These Twin Cities shopkeepers are sticking with what they know: technologies and products from decades ago -- watches, film processing and typewriters.
Throughout the Twin Cities, in out-of-the-way shops and tiny storefronts, a handful of passionate, persistent business owners still buy, sell and repair yesteryear's analog technologies.
We take a look at three old-fashioned shopkeepers who supply the tech-skeptic counterculture with its typewriters, wristwatches and black-and-white film.
Marshall Ferster doesn't have a website. He doesn't even know how to use e-mail.
He works out of his tiny American Vintage shop on the second floor of an office building in Uptown Minneapolis, alongside law offices and acupuncture studios. It's the same place where he's been selling wristwatches, pocket watches and fountain pens for more than 20 years.
Back in the 1970s, Ferster was a visual artist with a background in upscale men's retail. He was between jobs ("I was dead-flat broke, period," he said) when he decided to try his luck in flea markets. "It was just serendipity that retro wristwatches were hitting the market," he said.
Forty years later, retro watches are hot once again. But Ferster isn't going out of his way to lure a new generation of customers. He's happy to serve the same, small-but-committed clientele he's had for decades.
Though he's happy to repair watches of any vintage, he deals mostly in wind-ups. "I don't buy and sell modern watches," he said. "That's for someone else -- and the Internet."
He admits that the name of his shop is a misnomer. "Even though I call it American Vintage, I obviously have Swiss watches," he said. His clear preference is American-made varieties from the 1920s through the '50s. "I've always thought very highly of Hamilton watches," said Ferster. "They exuded quality. And they were equally revered by -- let's put it this way -- every class of American society."American Vintage, 1406 W. Lake St., Suite 206, Mpls., 612-825-8458.
Every now and again, Mark Soderbeck finds an abandoned typewriter outside the door of his spare Richfield storefront.
"I hate to see these things thrown away," he said. So he fixes the salvageable ones and sends the others to the typewriter junkyard: a set of metal utility shelves at the back of his shop, where he uses them for the parts he can no longer find.
As a rare typewriter salesman and repairman, Soderbeck deals in old-fashioned models with brand names like Underwood, Webster and Bennett. While he stocks bulky beige IBMs from the 1970s, he's partial to models like the powder blue Royal from the '60s. And he clearly favors manuals.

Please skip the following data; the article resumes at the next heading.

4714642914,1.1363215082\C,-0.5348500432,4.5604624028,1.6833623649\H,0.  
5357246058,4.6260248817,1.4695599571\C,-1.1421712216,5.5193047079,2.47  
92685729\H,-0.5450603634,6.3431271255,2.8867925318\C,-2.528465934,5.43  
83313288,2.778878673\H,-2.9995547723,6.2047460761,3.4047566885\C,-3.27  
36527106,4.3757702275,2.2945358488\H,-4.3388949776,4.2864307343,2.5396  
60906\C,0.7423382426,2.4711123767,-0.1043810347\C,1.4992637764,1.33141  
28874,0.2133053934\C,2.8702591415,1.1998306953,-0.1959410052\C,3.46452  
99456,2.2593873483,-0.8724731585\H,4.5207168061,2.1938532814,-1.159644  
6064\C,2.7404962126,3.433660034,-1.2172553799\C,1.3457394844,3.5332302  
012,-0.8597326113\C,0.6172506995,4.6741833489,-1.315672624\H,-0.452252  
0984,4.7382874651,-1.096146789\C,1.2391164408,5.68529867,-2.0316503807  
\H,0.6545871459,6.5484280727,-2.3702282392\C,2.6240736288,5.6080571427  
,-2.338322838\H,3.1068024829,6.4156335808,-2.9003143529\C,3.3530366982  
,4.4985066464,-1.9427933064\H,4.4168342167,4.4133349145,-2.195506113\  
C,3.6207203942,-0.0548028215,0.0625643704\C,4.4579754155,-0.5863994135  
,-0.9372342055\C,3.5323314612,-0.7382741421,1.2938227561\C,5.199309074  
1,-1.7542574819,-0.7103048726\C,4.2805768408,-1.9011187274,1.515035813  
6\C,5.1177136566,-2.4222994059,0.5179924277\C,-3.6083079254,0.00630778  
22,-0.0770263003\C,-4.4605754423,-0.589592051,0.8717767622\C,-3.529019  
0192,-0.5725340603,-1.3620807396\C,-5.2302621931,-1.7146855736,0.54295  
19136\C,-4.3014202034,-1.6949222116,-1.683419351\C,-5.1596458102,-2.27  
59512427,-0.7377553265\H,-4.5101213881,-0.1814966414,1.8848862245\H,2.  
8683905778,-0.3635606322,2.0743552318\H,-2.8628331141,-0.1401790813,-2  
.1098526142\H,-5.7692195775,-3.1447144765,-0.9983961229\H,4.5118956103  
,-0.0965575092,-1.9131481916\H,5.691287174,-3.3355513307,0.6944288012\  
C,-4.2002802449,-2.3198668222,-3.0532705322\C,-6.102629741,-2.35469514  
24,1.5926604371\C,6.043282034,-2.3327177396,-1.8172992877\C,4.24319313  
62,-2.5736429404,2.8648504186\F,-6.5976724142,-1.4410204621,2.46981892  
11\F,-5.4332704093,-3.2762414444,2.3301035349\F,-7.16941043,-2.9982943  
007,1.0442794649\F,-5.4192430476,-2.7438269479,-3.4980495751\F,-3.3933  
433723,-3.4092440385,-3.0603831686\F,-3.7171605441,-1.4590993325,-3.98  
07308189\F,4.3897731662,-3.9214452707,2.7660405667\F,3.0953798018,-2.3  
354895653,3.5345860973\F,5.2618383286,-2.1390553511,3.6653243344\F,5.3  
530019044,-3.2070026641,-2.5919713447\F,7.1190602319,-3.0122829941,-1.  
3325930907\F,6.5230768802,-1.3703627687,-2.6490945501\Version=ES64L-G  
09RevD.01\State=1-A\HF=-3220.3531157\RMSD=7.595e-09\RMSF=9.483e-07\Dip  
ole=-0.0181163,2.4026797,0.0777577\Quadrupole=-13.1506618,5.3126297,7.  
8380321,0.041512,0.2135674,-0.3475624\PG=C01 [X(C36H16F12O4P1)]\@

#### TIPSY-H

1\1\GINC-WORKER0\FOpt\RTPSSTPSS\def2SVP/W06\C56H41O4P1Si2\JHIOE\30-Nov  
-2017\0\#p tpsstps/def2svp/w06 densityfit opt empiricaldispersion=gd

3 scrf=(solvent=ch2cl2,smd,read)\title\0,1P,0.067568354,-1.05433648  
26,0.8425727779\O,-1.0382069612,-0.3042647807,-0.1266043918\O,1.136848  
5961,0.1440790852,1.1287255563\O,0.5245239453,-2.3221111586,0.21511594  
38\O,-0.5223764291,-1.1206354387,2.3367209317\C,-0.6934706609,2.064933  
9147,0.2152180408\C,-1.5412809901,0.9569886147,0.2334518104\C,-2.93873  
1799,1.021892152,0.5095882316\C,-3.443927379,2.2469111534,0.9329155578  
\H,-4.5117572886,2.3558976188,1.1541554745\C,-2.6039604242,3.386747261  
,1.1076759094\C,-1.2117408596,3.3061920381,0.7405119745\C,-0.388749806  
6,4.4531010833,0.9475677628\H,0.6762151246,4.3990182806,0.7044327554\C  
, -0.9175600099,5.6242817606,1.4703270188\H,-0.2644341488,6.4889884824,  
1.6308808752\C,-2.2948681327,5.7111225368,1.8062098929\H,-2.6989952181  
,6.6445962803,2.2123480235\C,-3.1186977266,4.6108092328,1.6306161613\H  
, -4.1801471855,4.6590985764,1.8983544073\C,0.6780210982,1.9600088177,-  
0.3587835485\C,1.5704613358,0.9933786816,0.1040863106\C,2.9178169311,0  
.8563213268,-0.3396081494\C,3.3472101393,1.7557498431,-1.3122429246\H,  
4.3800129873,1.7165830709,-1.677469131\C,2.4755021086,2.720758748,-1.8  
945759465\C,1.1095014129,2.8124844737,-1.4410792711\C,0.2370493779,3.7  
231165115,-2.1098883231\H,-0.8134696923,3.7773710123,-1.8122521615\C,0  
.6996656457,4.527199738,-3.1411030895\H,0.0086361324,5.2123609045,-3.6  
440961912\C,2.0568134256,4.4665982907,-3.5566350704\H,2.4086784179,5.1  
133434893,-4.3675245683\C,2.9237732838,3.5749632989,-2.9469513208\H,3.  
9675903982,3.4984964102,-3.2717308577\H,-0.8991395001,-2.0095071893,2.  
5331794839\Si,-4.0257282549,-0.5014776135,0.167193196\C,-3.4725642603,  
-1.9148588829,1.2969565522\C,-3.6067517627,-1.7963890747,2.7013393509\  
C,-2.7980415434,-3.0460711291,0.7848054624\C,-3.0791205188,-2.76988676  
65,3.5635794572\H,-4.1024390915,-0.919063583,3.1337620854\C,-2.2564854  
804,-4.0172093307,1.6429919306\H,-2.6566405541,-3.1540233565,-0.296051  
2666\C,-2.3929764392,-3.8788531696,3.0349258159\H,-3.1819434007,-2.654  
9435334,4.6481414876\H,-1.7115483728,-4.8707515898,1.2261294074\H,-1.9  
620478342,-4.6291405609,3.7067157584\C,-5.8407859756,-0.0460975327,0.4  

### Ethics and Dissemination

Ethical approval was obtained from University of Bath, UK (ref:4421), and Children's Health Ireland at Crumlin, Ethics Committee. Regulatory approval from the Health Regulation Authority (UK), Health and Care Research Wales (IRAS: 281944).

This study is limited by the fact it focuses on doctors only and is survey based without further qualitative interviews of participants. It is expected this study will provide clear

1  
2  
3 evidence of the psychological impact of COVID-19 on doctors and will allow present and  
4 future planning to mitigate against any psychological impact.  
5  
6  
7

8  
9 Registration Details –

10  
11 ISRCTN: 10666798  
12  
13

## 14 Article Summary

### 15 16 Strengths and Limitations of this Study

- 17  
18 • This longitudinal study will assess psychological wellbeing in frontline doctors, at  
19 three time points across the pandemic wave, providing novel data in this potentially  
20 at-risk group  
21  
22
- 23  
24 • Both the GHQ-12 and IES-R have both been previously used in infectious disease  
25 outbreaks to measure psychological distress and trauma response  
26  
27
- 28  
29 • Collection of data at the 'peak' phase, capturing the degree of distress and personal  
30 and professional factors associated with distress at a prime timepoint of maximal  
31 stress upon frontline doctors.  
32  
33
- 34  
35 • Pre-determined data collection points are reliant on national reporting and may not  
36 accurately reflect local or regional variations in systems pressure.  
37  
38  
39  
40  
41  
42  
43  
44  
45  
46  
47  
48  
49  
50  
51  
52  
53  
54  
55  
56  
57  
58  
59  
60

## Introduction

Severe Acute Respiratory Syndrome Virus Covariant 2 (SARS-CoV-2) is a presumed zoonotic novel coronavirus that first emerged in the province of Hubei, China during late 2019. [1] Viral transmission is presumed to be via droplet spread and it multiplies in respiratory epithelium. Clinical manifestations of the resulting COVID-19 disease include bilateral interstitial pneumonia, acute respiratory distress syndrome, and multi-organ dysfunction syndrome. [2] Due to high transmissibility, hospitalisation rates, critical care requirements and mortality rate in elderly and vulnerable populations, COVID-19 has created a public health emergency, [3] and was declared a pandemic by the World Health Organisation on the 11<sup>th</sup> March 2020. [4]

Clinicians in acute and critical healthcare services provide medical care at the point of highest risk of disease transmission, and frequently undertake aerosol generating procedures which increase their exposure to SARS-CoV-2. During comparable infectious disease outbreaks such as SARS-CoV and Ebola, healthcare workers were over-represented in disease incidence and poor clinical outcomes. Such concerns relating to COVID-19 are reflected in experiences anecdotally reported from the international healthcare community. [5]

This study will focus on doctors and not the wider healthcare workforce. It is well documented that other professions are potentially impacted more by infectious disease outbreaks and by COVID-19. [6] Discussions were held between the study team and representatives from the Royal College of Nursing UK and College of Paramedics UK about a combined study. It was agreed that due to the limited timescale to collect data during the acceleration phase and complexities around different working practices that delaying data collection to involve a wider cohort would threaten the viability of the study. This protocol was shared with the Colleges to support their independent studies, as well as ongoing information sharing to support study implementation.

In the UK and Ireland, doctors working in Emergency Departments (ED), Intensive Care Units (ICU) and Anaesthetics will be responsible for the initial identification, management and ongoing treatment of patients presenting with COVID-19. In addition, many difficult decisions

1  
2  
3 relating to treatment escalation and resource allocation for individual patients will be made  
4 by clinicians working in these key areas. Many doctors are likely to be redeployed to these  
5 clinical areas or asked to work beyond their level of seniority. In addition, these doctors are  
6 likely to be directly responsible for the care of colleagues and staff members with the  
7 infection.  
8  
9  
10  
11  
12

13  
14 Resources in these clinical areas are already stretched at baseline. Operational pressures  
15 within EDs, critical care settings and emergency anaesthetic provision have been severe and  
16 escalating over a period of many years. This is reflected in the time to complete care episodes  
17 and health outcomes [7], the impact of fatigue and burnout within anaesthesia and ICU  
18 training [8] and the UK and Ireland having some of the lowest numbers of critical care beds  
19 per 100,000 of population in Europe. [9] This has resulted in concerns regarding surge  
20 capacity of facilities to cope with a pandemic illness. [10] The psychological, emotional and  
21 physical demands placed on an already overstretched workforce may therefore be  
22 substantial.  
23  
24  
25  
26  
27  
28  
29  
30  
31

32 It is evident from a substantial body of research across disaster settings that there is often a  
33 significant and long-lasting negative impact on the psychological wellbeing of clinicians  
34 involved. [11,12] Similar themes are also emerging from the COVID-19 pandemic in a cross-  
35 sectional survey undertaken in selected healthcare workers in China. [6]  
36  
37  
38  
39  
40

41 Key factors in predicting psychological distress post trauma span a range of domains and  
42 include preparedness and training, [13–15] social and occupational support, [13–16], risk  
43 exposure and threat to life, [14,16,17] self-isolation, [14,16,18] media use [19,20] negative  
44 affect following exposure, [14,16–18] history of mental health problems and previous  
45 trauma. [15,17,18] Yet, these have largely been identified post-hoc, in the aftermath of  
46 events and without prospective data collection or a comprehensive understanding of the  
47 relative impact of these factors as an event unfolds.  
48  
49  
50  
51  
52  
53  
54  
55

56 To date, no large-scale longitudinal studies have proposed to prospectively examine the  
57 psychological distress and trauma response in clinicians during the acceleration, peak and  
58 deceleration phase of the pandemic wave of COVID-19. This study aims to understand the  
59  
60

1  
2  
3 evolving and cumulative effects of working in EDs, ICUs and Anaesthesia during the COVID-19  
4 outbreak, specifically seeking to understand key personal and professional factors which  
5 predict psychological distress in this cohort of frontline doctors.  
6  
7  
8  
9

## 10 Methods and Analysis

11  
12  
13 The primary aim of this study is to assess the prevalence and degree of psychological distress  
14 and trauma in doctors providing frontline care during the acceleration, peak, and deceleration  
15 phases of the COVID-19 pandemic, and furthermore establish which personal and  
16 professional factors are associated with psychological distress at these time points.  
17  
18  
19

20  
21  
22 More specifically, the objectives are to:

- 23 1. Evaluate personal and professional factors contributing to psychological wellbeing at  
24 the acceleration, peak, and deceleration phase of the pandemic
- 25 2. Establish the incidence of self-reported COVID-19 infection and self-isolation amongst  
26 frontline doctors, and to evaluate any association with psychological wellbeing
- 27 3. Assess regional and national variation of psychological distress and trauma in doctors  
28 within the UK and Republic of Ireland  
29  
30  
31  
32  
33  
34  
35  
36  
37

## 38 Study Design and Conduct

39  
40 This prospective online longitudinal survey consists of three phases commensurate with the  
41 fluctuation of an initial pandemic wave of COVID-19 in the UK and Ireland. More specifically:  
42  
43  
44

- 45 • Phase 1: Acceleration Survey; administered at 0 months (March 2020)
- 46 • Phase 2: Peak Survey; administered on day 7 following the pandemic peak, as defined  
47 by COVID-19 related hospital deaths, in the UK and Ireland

Some of the typewriters he refurbishes sell for as little as $75. Others, collector's items, can fetch as much as $20,000. He's currently working on a Oliver typewriter from the early 20th century, with typebars that resemble flying buttresses.
Soderbeck once juggled a busy schedule of office calls and middle-of-the-night repairs. Now he caters to a smaller, less demanding clientele of writers, collectors and the occasional septuagenarian who has refused to trade her IBM Selectric for an iPad.
On quiet days, he may have two or three customers, on busier days a couple dozen. The one consistency is the temperament of his clients. "In the past 20 years, people aren't as rude as they used to be," he said. "I don't know if it's because typewriters are no longer a necessity."
A natural tinkerer, Soderbeck said he's kept his business going for 35 years for one simple reason: "I guess I like repairing these things," he said.
But he does have one regret. "I only wish I knew how to type."Vale Typewriter, 6319 Penn Av. S., Richfield, 612-869-3664.
Back in the late '70s and '80s, Gary Rasmusson was a busy man. "I remember, as a kid, he was gone a lot," said his daughter, Kim Rasmusson.
A professional developer of film for television and video, Gary juggled projects for local movie theaters and professional sports teams and took the occasional emergency call from a bank that had been robbed and needed surveillance video developed right away. He started his own business, Film & Video Services, in the late '80s.
Kim grew up in the processing lab, working part-time for her dad while she went to Robbinsdale High School. She was a stay-at-home mom when her harried father called in 1989 with a favor: Could she help around the office, maybe two days a week?
The pace of Kim's workday is very different from her dad's. With the advent of digital technology, there's no longer demand for last-minute processing jobs. Kim's remaining clients are filmmakers, artists and the occasional teenager who just uncovered his grandparents' awesome Super 8 camera. She spends much of her time transferring old home movies to DVDs.
"It's definitely gotten slower," she said.
Film & Video Services is one of the last businesses in the country selling and processing black-and-white film for 16mm, 8mm and Super 8mm motion-picture cameras. "I know we're the only ones in the state," said Kim. "A processor in Boston just went under. There might be three left in the country."
While she sees a slight bump in sales with every processor that folds, she has no plans to follow their lead. "Because I enjoy what I do," she explains. Then she adds, "It's all I know."
Film & Video Services, 2620 Central Av. NE., Mpls., 612-789-8622.
Christy DeSmith is a Minneapolis-based freelance writer.